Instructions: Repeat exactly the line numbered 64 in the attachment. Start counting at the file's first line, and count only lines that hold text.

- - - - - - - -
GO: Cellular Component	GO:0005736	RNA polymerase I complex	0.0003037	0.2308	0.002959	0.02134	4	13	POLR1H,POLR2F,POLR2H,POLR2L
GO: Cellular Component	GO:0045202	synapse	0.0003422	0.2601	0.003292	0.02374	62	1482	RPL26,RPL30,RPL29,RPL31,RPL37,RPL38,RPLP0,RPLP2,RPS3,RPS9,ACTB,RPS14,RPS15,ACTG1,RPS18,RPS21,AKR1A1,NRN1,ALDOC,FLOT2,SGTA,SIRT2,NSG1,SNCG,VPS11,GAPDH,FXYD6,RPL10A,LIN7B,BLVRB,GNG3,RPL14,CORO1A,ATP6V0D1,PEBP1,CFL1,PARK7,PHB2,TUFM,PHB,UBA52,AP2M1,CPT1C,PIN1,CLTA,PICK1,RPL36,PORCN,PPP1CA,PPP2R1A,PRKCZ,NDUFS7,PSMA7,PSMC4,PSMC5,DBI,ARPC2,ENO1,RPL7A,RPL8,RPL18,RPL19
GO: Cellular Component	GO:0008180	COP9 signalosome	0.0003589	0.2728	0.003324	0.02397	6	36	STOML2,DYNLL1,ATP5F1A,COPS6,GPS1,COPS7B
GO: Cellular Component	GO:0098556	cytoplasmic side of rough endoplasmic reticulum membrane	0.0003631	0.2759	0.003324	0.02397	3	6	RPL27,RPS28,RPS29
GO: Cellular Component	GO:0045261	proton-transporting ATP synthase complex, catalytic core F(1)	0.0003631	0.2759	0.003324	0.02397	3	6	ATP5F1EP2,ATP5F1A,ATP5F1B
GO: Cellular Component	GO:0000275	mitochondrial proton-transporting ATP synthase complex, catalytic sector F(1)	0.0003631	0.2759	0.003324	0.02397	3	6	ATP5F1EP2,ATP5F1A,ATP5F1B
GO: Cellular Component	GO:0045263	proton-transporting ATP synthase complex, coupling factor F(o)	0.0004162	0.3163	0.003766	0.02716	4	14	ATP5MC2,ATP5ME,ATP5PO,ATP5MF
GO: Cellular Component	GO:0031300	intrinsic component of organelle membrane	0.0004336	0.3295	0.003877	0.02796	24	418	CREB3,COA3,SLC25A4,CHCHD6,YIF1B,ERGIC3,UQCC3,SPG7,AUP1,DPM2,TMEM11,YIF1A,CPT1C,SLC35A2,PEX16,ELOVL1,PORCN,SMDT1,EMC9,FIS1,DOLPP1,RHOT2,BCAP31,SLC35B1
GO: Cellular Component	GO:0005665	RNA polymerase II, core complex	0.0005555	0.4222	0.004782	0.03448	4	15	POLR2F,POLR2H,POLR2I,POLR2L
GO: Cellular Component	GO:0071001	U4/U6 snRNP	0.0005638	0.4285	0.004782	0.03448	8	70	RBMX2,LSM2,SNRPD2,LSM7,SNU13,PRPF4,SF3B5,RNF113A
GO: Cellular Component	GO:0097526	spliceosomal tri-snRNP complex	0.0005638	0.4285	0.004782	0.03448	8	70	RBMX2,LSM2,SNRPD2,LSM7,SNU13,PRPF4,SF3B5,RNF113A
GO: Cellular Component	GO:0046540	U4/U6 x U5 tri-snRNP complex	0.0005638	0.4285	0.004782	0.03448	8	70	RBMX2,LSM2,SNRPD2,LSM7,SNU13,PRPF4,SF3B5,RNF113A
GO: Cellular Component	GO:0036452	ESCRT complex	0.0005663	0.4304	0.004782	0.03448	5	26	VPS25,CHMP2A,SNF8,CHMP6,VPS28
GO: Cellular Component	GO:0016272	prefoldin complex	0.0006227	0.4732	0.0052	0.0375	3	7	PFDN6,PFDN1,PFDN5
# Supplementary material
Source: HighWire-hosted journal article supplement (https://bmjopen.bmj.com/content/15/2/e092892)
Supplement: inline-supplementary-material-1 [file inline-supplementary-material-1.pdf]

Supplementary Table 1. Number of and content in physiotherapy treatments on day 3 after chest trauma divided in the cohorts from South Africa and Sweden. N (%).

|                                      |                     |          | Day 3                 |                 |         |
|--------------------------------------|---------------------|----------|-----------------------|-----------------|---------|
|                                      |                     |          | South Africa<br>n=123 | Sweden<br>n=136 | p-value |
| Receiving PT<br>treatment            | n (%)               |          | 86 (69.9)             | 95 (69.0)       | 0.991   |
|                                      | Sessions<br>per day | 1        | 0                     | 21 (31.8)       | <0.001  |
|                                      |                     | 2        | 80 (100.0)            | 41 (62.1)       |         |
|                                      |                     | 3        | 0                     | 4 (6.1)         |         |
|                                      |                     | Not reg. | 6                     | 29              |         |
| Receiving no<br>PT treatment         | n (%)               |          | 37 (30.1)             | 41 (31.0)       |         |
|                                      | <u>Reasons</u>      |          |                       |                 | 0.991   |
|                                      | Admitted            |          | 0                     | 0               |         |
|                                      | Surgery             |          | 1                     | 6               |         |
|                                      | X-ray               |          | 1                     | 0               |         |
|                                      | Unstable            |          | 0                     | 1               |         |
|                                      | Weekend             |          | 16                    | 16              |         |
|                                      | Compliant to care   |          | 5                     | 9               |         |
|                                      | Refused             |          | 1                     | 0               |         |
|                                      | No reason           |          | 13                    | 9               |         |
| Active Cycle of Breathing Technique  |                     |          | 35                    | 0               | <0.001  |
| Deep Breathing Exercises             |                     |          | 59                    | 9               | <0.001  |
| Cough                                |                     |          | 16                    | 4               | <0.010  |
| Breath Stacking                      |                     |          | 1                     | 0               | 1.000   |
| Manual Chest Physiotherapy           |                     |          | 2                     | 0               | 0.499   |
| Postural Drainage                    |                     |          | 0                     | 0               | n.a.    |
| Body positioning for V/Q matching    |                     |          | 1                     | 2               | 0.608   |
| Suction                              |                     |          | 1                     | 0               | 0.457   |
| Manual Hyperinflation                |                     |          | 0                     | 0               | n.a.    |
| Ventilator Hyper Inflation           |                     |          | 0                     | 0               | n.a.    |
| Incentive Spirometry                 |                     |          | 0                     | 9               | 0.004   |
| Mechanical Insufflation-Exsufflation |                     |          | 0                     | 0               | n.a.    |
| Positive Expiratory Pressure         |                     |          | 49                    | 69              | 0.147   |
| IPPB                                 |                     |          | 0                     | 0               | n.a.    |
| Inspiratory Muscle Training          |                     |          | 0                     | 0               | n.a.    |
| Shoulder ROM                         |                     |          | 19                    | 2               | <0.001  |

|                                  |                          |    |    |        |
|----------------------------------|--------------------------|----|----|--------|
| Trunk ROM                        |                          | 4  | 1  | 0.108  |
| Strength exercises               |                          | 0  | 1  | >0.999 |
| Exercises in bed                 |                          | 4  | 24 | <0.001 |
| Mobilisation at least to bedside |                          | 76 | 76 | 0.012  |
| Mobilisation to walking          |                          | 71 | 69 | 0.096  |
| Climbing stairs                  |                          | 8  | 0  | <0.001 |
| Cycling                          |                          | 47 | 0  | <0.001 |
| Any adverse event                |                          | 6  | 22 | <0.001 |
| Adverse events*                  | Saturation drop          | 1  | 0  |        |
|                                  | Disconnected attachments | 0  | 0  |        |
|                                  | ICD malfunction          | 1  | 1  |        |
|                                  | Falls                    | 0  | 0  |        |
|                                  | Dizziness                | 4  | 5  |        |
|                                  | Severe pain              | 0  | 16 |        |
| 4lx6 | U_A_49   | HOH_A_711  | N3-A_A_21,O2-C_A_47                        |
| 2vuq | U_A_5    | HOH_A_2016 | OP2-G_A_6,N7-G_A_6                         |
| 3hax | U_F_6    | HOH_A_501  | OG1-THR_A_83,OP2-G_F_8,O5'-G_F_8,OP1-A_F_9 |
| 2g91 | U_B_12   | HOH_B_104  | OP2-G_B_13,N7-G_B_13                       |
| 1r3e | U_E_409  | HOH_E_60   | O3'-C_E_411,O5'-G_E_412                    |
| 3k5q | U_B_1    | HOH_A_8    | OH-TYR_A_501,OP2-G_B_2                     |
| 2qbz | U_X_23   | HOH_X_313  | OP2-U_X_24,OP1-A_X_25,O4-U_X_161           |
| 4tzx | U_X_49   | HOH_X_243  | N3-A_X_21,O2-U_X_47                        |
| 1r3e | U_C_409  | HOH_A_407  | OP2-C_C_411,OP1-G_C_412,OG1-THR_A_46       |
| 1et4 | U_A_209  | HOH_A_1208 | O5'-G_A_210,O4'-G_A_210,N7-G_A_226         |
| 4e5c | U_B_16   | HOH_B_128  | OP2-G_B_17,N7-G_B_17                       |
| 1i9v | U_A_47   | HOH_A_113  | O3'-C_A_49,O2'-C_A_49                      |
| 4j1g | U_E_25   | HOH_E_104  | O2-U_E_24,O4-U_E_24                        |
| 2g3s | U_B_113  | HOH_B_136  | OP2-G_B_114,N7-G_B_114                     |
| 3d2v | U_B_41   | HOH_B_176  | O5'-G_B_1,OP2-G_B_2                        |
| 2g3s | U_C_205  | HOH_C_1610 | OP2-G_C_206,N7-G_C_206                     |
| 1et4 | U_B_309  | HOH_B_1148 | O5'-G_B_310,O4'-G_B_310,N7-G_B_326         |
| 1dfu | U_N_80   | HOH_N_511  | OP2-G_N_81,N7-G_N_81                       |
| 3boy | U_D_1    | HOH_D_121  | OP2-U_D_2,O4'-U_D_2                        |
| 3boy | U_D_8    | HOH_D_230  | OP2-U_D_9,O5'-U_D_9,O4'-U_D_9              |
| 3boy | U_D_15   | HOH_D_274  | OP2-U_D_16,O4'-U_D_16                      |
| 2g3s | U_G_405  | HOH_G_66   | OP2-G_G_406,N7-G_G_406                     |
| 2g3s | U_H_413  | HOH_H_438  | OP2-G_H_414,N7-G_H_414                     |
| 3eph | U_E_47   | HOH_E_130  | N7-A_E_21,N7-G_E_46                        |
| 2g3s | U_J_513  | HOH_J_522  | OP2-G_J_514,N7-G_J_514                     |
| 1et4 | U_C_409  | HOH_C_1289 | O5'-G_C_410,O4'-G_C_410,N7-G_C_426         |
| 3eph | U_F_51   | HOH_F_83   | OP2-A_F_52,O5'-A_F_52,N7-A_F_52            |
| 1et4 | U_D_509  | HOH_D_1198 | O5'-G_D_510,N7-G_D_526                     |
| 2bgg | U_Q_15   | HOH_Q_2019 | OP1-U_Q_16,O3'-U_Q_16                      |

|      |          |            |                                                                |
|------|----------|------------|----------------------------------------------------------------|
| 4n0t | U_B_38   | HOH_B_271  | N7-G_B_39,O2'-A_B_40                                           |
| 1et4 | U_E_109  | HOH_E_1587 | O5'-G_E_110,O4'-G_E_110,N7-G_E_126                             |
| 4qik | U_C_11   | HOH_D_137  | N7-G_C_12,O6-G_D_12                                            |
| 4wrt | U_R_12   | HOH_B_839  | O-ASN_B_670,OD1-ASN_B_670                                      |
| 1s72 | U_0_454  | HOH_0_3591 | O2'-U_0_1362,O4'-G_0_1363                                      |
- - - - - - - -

|                                  | Disconnected attachments | 0  | 0  |        |